I just realized that a lot of my current thinking converges on one concept: Inclusion. Topics are as diverse as poverty, support for assistive technology, gender and browser/device support.
Accessible with VoiceOver and other assistive technology
When we build apps and web services it is easy to make them inaccessible for persons who use assistive tech such as JAWS and VoiceOver. However, it is almost equally easy to build with accessibility in mind. The coolest thing is that VoiceOver can be used on any iOS device – just turn it on and you will be able to hear how persons with less eyesight then you experiebnce your app or service.
In most services the gender of a person is completely useless data to collect. Are you building a web shop? No need for gender. Are you creating a community? No need for gender. Are you building a tool to be used for understanding social issues? Quite possibly a need for gender.
To me gender is just one of many demographic and sociographic aspects that influence a persons standing in society, I.E. I have some variety of an intersectional perspective. So if you ask me to identify my gender it better be in a service that can use it well. You also need to ask me about income, home town or any other set of aspects that is needed for your analysis. And I want to know how you will be using the data I give you.
BTW: if you are asking for gender, make it an open text field where I can write my own gender or leave it blank.
Browser and Device support
It is expensive as hell to develop web services and apps that work on old devices and in old browsers. But if we do not we are once again using technology to exclude persons. I work with kids and among them many devices and computers are inherited from parents who get new devices. That mean that my audience has a lot of first generation iPads, old Android devices and less able computers. Poor families will have extra problems buying new devices and will need a phone to work 3, 4, perhaps 5 years.
Web instead of native – with wrapper/manifest for distribution in app stores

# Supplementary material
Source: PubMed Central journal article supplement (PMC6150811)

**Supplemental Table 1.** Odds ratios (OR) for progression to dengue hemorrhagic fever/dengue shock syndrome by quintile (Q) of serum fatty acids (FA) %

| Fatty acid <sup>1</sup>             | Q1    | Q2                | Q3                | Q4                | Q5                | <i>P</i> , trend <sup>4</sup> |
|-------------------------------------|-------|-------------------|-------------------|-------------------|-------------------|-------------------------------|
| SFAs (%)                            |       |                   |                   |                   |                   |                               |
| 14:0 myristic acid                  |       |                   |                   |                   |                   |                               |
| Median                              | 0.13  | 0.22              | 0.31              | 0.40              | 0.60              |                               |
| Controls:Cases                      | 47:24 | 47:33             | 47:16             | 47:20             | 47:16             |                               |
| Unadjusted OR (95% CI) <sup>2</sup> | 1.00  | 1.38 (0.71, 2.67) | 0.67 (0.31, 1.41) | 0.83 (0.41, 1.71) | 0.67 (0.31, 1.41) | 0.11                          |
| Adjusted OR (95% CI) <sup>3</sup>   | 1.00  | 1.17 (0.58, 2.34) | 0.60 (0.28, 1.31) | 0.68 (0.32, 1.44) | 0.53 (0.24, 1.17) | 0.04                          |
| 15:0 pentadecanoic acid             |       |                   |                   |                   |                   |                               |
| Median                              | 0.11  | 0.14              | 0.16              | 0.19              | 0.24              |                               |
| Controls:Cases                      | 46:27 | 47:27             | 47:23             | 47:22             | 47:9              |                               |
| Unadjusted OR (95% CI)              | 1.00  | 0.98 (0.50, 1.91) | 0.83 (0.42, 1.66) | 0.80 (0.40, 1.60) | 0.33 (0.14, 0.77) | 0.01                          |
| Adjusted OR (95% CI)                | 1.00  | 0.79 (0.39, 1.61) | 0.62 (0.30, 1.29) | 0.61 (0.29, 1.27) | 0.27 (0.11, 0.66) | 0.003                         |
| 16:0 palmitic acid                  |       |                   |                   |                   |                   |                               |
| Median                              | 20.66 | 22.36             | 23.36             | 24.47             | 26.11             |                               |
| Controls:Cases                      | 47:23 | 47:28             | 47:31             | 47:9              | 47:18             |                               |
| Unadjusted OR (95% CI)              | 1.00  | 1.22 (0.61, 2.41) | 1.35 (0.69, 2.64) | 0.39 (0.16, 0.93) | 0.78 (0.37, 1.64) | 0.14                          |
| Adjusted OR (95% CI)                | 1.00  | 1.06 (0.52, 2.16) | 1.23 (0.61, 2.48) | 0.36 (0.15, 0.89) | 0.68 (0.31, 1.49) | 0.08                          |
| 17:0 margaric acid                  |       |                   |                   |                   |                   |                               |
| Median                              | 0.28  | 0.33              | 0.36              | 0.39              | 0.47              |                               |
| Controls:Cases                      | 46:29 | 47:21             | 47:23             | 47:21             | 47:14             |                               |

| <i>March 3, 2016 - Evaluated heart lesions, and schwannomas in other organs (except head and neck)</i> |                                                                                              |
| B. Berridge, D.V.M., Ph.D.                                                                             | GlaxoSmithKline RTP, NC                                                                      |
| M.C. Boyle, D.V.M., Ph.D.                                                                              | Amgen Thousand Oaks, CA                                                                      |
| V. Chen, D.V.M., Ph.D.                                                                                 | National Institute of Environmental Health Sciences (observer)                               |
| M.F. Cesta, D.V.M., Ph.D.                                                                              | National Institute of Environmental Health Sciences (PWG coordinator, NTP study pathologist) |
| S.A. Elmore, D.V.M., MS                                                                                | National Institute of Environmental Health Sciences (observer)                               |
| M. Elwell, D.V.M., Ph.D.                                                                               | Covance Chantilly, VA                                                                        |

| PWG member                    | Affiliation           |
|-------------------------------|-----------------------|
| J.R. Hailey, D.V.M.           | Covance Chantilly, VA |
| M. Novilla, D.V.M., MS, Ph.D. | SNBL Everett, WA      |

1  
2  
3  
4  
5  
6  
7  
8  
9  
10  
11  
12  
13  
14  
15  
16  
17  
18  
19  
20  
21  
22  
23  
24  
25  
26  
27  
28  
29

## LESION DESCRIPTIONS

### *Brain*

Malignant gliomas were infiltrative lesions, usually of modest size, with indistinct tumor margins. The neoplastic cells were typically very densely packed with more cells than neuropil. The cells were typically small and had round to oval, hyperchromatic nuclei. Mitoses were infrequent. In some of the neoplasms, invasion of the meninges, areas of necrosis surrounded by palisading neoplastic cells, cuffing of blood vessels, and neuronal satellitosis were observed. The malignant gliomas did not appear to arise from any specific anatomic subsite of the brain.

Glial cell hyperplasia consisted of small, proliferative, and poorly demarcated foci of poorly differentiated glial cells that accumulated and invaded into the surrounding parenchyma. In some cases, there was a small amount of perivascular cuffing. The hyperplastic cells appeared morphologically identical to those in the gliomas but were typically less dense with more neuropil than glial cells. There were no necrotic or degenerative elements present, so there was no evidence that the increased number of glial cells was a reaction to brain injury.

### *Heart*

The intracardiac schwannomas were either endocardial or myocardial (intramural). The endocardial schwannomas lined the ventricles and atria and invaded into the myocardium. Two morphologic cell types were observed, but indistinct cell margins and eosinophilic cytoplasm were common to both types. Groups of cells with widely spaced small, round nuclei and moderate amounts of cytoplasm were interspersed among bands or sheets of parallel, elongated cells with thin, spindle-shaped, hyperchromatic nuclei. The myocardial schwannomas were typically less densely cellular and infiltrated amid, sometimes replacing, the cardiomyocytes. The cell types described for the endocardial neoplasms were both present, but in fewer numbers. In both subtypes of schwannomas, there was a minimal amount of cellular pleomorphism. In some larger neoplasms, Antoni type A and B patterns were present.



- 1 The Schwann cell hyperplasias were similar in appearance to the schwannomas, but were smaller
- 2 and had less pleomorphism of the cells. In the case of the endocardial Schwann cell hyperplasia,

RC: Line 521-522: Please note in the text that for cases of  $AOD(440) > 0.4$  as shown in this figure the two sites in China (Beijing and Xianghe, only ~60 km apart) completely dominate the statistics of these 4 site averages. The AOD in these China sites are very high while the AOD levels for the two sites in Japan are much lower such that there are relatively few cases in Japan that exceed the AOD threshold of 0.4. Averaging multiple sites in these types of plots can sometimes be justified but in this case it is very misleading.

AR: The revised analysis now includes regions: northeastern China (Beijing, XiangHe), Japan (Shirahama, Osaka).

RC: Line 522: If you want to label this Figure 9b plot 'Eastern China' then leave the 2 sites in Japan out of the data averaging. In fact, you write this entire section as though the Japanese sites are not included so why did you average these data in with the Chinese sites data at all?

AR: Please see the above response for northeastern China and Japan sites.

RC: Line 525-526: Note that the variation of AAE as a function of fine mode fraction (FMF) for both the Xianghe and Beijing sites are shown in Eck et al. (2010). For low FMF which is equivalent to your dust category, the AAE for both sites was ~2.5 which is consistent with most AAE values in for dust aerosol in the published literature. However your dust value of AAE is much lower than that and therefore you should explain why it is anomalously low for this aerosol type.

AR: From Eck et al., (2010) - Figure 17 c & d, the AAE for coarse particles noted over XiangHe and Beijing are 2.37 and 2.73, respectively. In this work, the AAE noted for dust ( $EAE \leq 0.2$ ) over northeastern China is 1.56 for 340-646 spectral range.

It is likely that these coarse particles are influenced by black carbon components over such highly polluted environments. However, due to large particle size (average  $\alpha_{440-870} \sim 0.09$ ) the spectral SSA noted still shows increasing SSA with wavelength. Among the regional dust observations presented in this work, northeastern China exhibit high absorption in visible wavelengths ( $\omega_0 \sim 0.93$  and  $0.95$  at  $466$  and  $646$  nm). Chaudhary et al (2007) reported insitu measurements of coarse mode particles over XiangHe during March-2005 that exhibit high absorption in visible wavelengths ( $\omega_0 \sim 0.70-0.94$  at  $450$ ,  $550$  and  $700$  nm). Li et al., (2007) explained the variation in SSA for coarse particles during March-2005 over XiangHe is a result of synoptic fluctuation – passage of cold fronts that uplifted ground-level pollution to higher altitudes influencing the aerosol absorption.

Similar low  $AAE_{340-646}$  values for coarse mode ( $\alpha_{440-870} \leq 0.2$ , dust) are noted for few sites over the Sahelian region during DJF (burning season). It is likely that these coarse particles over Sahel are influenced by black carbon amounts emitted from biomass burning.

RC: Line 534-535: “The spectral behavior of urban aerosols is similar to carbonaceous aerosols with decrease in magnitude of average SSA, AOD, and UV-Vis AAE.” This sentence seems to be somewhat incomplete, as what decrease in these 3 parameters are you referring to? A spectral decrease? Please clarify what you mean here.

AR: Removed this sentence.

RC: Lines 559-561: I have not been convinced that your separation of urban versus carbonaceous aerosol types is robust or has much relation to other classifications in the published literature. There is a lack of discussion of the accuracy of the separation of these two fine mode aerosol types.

As soon as you develop an app specifically for one or a selection of mobile platforms you exclude all persons who do not use that platform.
Statens medieråd is a government body that, among other tasks, investigate device usage among kids in Sweden. Their latest report, from early 2013, said that 62% of 9-12 year olds in Sweden have a smartphone. If you add tablets to the percentage it grown by a few points. Internal SVT stat’s say that almost all of them use Android or iOS. 81% of the kids has their own computer and 19% shared one with their family.
At SVT we are currently debating how a service for 9-12 year olds should be built. The service, as used on a phone, is quite personal so borrowing someone elses phone would be awkward.
The current plan is to build it for iOS 5 and newer and for Android 2.3 and newer. That means that if the app had been released in early 2013 it would, from it’s choice of platform, have excluded ~25% of the audience. However, the app will be released during summer 2014 and be used for a few years and during that timespan a lot more kids will have smartphones. However, kids in poor families might be over-represented among those who are excluded throughout the service’s life span.
If the service was built for the web almost 100% of the kids who where 9-12 in early 2013 would have been able to use it on a computer. The 62% that had a smartphone would be able to use it in their phone’s browser.
If the service was built for web and a wrapper app or manifest was developed, the service could get the extra marketing push that app store distribution means.
Building services that target phones with web tech require you to choose concepts that do not rely on native functionality or the extra performance some features have in native apps. This can feel like a sacrifice, but there are always constraints in all projects and you can see web tech as just an other one of those constrains and use it as a positive thing – the web tech will force you to be more creative!